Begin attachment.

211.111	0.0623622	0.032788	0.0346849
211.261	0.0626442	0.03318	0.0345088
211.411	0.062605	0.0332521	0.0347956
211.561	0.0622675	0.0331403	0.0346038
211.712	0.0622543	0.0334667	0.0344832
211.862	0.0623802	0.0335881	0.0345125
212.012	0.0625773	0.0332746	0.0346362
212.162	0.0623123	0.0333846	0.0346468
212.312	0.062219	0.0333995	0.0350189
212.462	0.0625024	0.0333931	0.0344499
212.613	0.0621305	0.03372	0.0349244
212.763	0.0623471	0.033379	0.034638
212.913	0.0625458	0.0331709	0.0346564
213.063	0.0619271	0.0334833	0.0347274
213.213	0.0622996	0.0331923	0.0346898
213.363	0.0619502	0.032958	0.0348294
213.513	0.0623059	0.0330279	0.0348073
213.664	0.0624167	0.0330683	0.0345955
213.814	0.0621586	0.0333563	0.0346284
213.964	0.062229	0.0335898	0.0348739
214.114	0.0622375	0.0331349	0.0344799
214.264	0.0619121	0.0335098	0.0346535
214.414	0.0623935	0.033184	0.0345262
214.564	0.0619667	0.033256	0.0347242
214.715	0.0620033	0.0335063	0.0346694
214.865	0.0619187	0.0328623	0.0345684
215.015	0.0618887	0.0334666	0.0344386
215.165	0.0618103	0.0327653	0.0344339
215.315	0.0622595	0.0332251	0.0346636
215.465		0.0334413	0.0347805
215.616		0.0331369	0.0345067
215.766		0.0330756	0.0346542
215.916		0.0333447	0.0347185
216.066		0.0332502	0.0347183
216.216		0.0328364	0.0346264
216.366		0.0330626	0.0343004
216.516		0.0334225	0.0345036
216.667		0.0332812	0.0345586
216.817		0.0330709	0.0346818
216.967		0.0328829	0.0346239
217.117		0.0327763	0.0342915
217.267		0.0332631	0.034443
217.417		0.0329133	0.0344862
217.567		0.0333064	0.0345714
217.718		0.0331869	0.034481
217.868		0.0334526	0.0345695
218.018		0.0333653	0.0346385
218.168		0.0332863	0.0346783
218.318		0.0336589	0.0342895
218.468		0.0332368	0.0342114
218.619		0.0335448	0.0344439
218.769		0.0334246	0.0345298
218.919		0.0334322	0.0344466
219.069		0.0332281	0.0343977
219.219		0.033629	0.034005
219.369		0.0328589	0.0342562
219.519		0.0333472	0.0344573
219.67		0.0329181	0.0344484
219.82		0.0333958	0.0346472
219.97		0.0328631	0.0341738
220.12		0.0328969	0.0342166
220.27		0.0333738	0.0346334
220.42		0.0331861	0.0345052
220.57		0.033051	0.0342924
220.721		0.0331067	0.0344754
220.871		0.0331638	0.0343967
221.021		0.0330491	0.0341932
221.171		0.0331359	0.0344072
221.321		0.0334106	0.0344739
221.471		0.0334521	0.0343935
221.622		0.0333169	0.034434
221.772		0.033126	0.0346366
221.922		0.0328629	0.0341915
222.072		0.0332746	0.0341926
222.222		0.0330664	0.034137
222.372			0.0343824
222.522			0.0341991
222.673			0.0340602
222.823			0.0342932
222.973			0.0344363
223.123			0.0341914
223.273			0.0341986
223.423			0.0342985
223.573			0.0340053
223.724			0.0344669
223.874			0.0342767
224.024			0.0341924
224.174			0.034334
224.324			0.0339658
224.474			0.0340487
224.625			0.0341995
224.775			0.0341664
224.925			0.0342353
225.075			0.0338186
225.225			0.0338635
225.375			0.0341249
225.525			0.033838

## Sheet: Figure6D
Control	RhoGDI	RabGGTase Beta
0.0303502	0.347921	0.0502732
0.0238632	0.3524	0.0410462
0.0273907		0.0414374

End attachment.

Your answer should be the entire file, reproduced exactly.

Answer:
211.111	0.0623622	0.032788	0.0346849
211.261	0.0626442	0.03318	0.0345088
211.411	0.062605	0.0332521	0.0347956
211.561	0.0622675	0.0331403	0.0346038
211.712	0.0622543	0.0334667	0.0344832
211.862	0.0623802	0.0335881	0.0345125
212.012	0.0625773	0.0332746	0.0346362
212.162	0.0623123	0.0333846	0.0346468
212.312	0.062219	0.0333995	0.0350189
212.462	0.0625024	0.0333931	0.0344499
212.613	0.0621305	0.03372	0.0349244
212.763	0.0623471	0.033379	0.034638
212.913	0.0625458	0.0331709	0.0346564
213.063	0.0619271	0.0334833	0.0347274
213.213	0.0622996	0.0331923	0.0346898
213.363	0.0619502	0.032958	0.0348294
213.513	0.0623059	0.0330279	0.0348073
213.664	0.0624167	0.0330683	0.0345955
213.814	0.0621586	0.0333563	0.0346284
213.964	0.062229	0.0335898	0.0348739
214.114	0.0622375	0.0331349	0.0344799
214.264	0.0619121	0.0335098	0.0346535
214.414	0.0623935	0.033184	0.0345262
214.564	0.0619667	0.033256	0.0347242
214.715	0.0620033	0.0335063	0.0346694
214.865	0.0619187	0.0328623	0.0345684
215.015	0.0618887	0.0334666	0.0344386
215.165	0.0618103	0.0327653	0.0344339
215.315	0.0622595	0.0332251	0.0346636
215.465		0.0334413	0.0347805
215.616		0.0331369	0.0345067
215.766		0.0330756	0.0346542
215.916		0.0333447	0.0347185
216.066		0.0332502	0.0347183
216.216		0.0328364	0.0346264
216.366		0.0330626	0.0343004
216.516		0.0334225	0.0345036
216.667		0.0332812	0.0345586
216.817		0.0330709	0.0346818
216.967		0.0328829	0.0346239
217.117		0.0327763	0.0342915
217.267		0.0332631	0.034443
217.417		0.0329133	0.0344862
217.567		0.0333064	0.0345714
217.718		0.0331869	0.034481
217.868		0.0334526	0.0345695
218.018		0.0333653	0.0346385
218.168		0.0332863	0.0346783
218.318		0.0336589	0.0342895
218.468		0.0332368	0.0342114
218.619		0.0335448	0.0344439
218.769		0.0334246	0.0345298
218.919		0.0334322	0.0344466
219.069		0.0332281	0.0343977
219.219		0.033629	0.034005
219.369		0.0328589	0.0342562
219.519		0.0333472	0.0344573
219.67		0.0329181	0.0344484
219.82		0.0333958	0.0346472
219.97		0.0328631	0.0341738
220.12		0.0328969	0.0342166
220.27		0.0333738	0.0346334
220.42		0.0331861	0.0345052
220.57		0.033051	0.0342924
220.721		0.0331067	0.0344754
220.871		0.0331638	0.0343967
221.021		0.0330491	0.0341932
221.171		0.0331359	0.0344072
221.321		0.0334106	0.0344739
221.471		0.0334521	0.0343935
221.622		0.0333169	0.034434
221.772		0.033126	0.0346366
221.922		0.0328629	0.0341915
222.072		0.0332746	0.0341926
222.222		0.0330664	0.034137
222.372			0.0343824
222.522			0.0341991
222.673			0.0340602
222.823			0.0342932
222.973			0.0344363
223.123			0.0341914
223.273			0.0341986
223.423			0.0342985
223.573			0.0340053
223.724			0.0344669
223.874			0.0342767
224.024			0.0341924
224.174			0.034334
224.324			0.0339658
224.474			0.0340487
224.625			0.0341995
224.775			0.0341664
224.925			0.0342353
225.075			0.0338186
225.225			0.0338635
225.375			0.0341249
225.525			0.033838

## Sheet: Figure6D
Control	RhoGDI	RabGGTase Beta
0.0303502	0.347921	0.0502732
0.0238632	0.3524	0.0410462
0.0273907		0.0414374